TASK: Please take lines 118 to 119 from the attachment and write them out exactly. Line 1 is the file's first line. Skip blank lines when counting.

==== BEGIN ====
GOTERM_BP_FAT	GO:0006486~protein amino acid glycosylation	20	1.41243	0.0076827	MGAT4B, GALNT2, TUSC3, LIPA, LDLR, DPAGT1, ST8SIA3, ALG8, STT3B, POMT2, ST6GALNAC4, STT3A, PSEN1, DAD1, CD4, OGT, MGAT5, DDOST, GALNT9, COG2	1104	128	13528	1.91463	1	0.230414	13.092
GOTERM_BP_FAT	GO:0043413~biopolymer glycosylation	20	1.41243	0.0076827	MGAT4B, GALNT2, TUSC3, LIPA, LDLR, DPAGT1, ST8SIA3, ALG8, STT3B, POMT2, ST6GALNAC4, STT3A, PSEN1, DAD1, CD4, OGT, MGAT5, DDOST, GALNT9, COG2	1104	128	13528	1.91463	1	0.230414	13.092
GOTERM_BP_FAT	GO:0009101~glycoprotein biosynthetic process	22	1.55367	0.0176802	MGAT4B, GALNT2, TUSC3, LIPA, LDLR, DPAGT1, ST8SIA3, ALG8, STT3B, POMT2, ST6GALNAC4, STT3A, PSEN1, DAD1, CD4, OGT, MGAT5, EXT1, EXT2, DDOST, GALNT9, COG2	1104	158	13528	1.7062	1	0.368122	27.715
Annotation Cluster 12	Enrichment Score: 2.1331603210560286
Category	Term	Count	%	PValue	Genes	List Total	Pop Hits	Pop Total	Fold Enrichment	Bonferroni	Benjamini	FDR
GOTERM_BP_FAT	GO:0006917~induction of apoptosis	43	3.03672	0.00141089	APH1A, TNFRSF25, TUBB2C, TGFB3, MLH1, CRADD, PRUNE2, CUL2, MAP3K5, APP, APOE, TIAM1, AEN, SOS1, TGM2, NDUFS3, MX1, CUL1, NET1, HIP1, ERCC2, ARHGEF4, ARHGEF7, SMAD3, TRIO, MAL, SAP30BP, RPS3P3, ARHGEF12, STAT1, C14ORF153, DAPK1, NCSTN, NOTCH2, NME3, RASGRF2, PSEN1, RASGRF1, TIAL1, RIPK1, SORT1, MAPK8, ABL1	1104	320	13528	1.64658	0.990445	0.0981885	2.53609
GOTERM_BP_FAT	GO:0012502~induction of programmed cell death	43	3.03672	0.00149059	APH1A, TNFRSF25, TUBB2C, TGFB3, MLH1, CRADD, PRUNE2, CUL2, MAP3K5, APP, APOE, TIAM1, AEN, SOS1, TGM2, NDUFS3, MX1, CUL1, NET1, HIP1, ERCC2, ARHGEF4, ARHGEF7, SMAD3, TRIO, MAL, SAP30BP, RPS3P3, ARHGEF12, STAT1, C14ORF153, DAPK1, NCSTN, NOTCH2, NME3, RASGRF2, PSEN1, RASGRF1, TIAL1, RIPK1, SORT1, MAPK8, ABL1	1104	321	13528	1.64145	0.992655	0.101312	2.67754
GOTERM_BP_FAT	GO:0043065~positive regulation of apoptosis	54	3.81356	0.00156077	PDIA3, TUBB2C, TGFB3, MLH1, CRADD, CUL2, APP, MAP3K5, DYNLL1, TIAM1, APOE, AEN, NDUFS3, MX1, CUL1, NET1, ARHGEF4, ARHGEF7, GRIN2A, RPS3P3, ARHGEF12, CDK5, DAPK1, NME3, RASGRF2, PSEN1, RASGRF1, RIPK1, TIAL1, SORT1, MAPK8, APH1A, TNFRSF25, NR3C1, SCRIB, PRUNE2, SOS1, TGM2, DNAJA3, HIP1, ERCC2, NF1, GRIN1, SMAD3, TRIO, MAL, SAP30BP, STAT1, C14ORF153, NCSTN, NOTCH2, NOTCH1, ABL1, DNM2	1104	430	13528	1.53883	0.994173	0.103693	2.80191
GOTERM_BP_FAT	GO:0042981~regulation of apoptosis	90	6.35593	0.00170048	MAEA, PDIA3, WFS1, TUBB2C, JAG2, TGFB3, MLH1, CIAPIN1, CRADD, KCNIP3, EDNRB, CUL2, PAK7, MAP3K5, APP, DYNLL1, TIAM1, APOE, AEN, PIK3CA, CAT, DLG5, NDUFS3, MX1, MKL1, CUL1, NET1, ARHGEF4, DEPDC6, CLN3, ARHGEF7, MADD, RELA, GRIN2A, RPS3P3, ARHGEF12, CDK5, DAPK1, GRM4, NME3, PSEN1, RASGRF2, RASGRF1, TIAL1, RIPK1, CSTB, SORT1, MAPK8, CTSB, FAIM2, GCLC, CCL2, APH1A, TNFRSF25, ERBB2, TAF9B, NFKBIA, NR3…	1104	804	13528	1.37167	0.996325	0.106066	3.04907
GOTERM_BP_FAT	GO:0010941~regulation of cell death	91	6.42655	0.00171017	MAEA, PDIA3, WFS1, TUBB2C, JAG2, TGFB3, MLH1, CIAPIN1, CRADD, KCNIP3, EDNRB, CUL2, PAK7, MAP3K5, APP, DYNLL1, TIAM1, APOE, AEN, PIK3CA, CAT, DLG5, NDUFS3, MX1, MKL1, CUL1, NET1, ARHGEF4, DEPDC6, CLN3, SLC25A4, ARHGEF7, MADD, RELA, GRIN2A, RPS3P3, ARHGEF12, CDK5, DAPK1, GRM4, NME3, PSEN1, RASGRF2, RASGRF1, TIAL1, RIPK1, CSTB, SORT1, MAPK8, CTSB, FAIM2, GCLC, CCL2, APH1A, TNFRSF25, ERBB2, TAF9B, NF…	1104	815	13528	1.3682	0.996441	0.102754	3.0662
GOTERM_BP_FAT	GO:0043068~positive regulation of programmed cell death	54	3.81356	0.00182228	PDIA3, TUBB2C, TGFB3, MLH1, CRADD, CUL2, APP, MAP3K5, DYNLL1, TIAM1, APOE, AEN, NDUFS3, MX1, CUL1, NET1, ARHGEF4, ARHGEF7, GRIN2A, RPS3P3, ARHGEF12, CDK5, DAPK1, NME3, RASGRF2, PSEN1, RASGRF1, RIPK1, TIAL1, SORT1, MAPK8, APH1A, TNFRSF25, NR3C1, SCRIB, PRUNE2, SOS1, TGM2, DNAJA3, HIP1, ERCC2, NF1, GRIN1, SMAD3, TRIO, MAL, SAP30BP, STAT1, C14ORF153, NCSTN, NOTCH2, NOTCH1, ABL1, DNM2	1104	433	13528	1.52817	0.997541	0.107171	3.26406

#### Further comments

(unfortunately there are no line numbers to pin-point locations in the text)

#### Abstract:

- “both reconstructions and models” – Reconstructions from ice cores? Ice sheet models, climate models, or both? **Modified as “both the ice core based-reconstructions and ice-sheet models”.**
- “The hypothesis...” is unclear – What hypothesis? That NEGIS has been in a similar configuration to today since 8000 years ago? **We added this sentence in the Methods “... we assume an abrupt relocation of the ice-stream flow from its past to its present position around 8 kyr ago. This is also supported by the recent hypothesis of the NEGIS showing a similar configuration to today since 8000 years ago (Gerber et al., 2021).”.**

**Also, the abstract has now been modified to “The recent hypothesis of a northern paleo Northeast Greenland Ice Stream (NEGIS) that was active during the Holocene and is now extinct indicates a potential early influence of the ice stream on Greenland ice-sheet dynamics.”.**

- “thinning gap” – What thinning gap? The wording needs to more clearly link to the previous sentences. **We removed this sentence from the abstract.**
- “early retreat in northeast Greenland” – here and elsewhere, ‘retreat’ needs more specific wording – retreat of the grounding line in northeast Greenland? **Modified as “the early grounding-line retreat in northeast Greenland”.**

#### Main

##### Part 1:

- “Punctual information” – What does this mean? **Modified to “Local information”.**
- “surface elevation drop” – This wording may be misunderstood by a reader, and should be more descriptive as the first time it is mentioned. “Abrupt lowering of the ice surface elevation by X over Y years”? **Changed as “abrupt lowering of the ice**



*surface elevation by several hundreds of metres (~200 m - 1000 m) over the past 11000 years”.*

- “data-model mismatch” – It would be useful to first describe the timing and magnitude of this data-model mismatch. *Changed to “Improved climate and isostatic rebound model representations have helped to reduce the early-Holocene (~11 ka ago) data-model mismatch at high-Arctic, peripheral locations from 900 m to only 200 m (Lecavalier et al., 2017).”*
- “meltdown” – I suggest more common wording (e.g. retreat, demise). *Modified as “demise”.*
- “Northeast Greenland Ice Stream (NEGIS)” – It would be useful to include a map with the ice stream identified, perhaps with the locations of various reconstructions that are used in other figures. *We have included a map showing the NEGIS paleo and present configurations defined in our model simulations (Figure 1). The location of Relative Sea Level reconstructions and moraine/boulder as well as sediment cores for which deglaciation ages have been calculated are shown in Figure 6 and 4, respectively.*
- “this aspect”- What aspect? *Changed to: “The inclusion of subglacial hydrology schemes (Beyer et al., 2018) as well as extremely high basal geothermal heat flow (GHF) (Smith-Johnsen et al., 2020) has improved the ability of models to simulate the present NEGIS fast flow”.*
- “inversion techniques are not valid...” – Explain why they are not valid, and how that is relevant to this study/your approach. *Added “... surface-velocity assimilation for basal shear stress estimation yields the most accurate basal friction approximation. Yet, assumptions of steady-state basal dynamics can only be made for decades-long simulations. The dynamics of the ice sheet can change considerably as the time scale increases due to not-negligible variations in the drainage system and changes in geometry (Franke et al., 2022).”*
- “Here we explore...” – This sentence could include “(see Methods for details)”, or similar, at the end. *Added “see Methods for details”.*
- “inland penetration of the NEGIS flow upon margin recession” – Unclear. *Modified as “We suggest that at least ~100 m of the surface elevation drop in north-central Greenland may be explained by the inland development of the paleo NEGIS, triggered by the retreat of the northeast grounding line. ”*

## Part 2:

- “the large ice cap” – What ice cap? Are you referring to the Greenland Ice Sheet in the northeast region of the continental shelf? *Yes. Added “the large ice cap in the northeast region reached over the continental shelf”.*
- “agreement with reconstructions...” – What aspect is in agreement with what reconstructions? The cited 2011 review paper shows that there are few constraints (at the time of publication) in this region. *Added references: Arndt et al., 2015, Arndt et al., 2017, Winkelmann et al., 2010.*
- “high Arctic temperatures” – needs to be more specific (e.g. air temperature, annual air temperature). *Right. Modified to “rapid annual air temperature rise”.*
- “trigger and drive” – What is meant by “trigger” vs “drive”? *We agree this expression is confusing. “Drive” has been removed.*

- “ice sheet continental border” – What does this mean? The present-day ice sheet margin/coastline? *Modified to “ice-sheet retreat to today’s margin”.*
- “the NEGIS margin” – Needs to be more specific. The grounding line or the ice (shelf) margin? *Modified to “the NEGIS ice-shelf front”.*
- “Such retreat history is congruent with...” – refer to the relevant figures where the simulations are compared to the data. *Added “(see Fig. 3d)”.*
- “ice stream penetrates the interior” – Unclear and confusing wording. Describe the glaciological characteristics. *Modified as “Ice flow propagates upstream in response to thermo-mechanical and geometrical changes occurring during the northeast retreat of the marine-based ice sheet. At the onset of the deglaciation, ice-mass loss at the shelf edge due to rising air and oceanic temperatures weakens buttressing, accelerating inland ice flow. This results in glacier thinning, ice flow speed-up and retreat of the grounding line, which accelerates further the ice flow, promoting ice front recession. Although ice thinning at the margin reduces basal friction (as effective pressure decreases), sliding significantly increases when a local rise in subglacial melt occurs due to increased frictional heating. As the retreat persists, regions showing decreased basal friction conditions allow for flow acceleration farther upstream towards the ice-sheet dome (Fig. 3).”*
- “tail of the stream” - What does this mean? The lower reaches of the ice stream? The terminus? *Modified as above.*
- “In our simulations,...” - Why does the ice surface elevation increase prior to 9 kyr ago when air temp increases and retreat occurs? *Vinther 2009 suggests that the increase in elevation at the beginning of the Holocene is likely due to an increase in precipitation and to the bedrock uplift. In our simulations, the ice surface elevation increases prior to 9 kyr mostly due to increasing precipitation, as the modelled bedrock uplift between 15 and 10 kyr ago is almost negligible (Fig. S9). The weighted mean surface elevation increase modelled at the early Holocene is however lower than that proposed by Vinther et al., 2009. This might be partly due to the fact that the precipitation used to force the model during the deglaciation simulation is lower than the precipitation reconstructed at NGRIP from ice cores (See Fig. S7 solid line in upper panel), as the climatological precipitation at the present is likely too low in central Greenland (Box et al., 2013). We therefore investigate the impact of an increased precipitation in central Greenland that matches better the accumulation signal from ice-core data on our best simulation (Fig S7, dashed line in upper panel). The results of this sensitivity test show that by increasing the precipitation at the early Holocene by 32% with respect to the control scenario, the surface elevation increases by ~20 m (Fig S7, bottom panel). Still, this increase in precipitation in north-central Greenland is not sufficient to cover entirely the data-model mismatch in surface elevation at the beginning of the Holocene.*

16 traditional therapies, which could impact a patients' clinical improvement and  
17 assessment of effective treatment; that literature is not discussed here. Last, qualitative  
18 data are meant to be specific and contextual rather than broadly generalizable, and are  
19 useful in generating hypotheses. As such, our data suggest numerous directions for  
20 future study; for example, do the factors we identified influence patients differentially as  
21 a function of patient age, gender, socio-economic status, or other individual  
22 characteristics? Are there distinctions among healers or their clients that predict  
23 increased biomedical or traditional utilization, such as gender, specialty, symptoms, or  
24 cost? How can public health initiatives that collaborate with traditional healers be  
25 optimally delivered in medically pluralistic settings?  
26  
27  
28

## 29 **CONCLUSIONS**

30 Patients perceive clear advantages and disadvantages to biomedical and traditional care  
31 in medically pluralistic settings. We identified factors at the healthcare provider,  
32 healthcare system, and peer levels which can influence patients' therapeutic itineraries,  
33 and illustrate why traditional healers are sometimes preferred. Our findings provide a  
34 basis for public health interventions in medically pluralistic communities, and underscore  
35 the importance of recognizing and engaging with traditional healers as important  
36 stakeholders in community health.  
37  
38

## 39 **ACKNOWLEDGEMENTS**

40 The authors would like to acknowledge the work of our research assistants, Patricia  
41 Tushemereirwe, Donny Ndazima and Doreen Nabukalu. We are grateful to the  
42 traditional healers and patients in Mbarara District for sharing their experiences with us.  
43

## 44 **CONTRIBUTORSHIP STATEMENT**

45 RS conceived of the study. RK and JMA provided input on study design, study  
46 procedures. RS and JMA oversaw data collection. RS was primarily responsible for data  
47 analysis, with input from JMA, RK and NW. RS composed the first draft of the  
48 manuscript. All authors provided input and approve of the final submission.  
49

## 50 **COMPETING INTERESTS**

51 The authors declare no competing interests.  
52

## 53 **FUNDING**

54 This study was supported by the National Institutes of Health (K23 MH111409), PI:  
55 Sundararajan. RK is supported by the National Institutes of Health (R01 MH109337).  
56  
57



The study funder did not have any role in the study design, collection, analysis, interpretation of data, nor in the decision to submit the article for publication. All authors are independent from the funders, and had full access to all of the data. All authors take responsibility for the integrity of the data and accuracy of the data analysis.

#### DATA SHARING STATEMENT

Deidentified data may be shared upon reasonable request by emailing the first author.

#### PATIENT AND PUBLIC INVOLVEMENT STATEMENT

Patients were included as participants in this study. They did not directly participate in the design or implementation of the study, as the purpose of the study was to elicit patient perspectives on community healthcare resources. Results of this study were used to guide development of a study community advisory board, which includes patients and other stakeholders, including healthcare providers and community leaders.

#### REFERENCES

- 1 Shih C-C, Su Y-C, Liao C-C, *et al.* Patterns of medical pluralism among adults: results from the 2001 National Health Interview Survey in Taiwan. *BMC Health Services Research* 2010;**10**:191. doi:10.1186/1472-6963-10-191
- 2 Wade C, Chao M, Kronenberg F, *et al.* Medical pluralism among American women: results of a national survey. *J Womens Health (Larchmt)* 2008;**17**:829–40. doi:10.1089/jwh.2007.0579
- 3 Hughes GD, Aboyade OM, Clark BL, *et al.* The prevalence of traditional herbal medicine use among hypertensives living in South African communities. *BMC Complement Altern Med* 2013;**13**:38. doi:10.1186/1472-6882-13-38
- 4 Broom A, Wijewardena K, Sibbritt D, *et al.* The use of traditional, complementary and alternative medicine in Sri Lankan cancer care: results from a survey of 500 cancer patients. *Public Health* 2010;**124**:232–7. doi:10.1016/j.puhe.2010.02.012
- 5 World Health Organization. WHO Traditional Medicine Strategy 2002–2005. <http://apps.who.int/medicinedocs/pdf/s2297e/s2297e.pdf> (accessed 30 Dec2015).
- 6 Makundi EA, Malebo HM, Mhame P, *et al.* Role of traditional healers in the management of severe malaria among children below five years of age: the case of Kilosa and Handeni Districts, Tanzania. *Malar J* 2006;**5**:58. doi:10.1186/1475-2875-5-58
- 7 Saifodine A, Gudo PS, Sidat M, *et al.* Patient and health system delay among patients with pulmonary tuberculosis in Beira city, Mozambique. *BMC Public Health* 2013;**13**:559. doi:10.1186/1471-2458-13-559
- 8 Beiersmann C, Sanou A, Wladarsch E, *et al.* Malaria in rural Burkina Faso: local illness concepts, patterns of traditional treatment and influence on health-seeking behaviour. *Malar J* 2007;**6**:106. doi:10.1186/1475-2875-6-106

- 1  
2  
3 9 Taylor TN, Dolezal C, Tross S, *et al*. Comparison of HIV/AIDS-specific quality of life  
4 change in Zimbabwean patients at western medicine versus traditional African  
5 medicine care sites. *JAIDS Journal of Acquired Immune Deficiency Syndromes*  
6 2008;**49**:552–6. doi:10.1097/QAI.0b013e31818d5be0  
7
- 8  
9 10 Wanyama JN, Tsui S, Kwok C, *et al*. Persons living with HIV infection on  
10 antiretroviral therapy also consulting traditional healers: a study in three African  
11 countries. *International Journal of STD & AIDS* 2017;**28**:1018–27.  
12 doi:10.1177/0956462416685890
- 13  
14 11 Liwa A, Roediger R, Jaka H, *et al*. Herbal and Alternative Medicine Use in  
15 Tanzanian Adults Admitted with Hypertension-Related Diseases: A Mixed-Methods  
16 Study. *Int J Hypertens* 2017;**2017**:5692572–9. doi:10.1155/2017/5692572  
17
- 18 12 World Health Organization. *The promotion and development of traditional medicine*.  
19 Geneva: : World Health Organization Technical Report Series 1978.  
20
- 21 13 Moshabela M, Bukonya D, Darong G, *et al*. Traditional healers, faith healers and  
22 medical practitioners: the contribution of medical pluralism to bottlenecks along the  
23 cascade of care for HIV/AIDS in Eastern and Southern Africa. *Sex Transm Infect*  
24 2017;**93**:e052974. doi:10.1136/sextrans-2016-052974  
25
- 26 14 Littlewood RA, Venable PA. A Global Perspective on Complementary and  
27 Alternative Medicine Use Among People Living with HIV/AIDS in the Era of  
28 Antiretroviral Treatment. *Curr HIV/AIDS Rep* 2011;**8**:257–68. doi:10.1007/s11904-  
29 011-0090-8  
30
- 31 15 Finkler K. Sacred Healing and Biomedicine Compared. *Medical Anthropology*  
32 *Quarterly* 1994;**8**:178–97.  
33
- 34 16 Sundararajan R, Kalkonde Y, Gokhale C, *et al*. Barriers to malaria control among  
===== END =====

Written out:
20
- 21 13 Moshabela M, Bukonya D, Darong G, *et al*. Traditional healers, faith healers and  